where Q = discharge, A = cross-sectional flow area, t = time, x = horizontal distance, y = depth, v = flow velocity, g = gravitational acceleration, S _{ 0 } = bed slope and S _{ f } = friction slope. Equation 2 is the one-dimensional form of the equation of motion that describes the non-permanent flow in open channels without lateral inflow.
To apply KW theory, it is assumed that the surface wave is long and flat, so that the friction slope is approximately equal to the bed slope. Then, the remaining terms of the equation of motion, also called secondary terms, are considered negligible; this implies that there is a balance between gravitational and frictional forces:
The KW model is based on the continuity equation and only approximates the dynamic equation with a uniform-flow equation. When defining the friction slope with the uniform-flow formula, the equation can be applied to a specific current or to a surface flow plane in the following way:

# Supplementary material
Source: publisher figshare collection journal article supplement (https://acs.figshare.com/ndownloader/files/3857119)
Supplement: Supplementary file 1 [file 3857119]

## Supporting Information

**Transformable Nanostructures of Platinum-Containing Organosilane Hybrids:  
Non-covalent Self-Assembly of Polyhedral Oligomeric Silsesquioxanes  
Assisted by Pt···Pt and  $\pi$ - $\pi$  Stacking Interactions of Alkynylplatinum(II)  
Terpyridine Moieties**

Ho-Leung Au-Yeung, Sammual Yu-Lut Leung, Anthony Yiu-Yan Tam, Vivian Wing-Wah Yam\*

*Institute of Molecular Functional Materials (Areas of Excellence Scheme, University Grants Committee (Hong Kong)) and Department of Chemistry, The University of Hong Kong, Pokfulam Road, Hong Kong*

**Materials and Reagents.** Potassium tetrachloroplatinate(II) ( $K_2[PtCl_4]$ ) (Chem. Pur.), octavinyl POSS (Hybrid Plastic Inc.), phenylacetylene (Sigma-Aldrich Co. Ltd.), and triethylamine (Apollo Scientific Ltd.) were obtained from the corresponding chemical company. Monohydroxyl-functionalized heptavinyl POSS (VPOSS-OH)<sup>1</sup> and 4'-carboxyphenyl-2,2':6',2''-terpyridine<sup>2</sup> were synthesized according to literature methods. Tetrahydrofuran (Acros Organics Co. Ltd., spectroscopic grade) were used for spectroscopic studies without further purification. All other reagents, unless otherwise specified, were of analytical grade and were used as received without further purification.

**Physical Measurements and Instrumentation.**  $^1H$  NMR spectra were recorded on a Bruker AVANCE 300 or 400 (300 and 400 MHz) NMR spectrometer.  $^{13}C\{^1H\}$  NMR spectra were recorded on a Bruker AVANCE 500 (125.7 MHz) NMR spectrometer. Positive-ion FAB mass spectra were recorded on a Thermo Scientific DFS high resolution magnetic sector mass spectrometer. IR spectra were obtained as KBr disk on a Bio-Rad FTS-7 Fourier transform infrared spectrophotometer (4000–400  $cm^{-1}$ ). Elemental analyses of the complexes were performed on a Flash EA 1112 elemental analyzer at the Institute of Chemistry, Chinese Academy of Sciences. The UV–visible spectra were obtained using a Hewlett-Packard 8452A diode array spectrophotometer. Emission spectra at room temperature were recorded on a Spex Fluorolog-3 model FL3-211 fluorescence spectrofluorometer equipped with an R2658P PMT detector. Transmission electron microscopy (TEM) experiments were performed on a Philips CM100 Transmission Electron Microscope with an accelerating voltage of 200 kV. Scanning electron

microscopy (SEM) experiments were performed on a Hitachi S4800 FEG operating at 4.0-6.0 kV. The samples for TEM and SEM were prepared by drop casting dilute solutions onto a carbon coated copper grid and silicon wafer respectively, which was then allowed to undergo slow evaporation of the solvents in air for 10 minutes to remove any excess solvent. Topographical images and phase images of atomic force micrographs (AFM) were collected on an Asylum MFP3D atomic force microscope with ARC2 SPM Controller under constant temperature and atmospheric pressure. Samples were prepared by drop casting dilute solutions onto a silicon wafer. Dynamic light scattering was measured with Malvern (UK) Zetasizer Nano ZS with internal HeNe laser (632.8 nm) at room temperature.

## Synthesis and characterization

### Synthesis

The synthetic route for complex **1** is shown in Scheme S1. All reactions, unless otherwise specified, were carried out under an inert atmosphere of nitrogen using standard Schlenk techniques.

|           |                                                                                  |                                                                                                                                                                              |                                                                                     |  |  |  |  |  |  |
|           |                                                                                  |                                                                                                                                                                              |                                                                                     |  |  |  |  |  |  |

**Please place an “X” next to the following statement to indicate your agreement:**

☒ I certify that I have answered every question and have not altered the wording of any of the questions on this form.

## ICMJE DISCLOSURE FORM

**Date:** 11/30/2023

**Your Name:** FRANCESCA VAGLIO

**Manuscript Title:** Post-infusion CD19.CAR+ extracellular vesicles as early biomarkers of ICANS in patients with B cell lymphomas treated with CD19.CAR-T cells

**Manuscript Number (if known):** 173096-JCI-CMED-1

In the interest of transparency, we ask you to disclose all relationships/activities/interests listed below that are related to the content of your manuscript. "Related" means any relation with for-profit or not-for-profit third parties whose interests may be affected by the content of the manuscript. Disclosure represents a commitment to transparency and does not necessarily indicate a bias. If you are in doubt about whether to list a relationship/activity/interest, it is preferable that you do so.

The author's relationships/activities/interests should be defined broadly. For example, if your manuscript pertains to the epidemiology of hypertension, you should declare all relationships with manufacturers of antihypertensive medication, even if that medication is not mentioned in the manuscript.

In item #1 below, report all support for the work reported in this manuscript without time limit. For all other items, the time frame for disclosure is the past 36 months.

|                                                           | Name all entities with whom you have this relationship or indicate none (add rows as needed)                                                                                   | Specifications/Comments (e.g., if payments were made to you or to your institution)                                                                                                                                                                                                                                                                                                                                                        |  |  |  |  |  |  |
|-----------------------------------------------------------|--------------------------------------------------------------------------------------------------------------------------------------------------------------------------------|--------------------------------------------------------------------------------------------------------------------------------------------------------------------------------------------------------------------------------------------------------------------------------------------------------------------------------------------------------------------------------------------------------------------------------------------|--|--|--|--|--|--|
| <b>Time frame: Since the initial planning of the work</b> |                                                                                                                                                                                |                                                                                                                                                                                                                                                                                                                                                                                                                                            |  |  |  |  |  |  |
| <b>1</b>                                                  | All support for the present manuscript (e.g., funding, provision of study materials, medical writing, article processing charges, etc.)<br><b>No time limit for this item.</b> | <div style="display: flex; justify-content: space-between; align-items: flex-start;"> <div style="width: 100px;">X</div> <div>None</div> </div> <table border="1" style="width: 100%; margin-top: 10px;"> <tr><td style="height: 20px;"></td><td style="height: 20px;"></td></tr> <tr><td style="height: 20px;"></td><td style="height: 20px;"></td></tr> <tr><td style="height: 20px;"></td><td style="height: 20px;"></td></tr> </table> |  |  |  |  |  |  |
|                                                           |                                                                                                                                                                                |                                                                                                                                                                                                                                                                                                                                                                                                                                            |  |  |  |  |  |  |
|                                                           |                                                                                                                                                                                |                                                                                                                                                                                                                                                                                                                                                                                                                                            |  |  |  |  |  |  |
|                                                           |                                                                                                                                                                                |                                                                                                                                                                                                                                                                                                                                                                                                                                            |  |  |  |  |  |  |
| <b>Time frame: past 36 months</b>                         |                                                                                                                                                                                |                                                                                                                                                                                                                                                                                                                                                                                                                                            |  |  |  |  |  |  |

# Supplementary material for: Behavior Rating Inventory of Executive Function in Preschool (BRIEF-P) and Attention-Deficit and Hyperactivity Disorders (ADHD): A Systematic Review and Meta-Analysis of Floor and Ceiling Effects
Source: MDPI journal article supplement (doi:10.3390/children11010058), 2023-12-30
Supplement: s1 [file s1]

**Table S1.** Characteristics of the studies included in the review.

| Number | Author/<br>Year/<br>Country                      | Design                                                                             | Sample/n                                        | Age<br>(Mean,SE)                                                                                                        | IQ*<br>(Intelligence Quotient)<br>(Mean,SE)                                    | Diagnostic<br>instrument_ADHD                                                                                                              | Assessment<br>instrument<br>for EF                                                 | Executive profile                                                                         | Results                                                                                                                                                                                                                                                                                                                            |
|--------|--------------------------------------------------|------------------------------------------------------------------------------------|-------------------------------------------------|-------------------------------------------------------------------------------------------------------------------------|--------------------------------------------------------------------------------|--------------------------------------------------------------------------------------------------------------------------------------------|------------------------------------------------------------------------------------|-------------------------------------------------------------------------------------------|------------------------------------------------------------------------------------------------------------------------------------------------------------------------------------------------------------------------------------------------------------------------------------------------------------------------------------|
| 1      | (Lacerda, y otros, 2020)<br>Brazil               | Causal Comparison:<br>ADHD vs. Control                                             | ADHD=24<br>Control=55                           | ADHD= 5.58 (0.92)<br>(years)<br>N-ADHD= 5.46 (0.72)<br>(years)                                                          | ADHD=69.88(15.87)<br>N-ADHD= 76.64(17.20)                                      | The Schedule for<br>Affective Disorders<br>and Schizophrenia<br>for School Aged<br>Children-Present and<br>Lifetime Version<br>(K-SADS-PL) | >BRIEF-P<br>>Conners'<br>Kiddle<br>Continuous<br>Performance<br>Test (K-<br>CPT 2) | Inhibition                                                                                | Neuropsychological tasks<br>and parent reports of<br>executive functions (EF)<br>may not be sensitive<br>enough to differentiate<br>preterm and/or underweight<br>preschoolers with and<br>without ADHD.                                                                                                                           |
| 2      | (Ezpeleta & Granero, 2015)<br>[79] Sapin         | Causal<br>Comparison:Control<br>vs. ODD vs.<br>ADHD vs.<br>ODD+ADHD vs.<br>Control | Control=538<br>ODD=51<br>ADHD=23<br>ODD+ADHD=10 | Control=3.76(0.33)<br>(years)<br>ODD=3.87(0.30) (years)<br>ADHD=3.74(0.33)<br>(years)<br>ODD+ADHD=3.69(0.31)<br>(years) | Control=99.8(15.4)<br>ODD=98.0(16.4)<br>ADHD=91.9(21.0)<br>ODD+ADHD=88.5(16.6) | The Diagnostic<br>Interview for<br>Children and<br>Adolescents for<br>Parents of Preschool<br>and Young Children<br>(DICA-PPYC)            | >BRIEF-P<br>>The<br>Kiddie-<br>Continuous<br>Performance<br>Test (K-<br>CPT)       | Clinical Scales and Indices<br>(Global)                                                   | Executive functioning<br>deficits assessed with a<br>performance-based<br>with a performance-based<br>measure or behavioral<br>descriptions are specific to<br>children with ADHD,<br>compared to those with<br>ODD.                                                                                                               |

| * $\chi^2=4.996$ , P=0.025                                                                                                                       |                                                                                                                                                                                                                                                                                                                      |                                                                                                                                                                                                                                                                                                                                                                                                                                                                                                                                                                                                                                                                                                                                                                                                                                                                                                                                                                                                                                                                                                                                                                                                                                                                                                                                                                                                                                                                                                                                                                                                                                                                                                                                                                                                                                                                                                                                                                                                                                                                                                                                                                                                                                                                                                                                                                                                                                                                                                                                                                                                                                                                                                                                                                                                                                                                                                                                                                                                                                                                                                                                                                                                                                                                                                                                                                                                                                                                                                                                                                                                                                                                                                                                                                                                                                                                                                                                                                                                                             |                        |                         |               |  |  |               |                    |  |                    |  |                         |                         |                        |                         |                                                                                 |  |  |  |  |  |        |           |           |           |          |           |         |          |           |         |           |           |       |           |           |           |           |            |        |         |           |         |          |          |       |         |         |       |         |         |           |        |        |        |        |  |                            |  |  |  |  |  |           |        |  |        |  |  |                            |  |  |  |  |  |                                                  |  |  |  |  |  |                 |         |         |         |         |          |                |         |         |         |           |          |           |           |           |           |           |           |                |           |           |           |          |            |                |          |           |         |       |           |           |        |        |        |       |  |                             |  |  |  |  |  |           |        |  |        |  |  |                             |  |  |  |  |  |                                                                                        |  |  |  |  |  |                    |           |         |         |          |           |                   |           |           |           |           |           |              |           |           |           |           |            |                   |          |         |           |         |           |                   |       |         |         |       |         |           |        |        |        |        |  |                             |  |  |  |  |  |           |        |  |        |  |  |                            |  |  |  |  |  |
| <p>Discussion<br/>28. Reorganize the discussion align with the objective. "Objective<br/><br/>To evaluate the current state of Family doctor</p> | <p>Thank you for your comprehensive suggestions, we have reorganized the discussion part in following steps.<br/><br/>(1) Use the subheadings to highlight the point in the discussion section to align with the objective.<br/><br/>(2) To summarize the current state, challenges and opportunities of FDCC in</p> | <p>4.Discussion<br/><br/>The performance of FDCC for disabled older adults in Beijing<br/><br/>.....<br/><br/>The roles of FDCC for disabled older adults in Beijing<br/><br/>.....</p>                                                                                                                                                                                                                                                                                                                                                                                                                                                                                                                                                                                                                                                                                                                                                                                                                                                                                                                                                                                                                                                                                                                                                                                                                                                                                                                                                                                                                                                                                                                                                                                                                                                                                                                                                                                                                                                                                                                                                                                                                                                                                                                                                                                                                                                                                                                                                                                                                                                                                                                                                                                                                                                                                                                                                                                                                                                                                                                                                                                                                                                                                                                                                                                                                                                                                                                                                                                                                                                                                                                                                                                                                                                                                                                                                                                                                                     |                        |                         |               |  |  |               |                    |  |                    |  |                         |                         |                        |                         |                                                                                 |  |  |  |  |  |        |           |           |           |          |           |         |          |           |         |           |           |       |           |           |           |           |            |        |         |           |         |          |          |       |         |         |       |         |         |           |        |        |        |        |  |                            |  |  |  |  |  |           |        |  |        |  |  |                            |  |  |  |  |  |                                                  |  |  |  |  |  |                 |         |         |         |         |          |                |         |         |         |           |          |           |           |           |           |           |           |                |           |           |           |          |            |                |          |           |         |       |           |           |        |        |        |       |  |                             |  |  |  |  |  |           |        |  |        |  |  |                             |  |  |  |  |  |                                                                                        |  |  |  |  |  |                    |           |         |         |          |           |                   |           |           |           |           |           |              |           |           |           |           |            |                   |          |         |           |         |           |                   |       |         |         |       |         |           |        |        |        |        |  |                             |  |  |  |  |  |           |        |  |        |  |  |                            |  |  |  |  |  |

where α and m are defined coefficients for each cross section. Usually in the application of KW theory, Equations 5 and 1 are known as KW and are solved simultaneously.
According to ^{Guo (1998)} and ^{Singh (1996)}, the numerical method to obtain the overland KW flow requires converting an irregular basin to a rectangular plane with equivalent slope. Among the necessary parameters of the basin, the width of the plane is a prerequisite for the numerical modeling of runoff (^{Guo, 1998}).
^{MacArthur and DeVries (1993)} stipulate that a critical parameter in the description of overland flow is the maximum length of the route taken by a drop of water to reach a current (Lw). The proper choice of Lw is vital as it determines the characteristics of the overland flow response. For its part, the Storm Water Management Model (SWMM; ^{Rossman, 2010}) manual suggests that the initial estimate of Lw is given by the basin area divided by the average maximum overland runoff length; subsequently, the model needs to be calibrated to confirm the selection of the KW plane width and other parameters.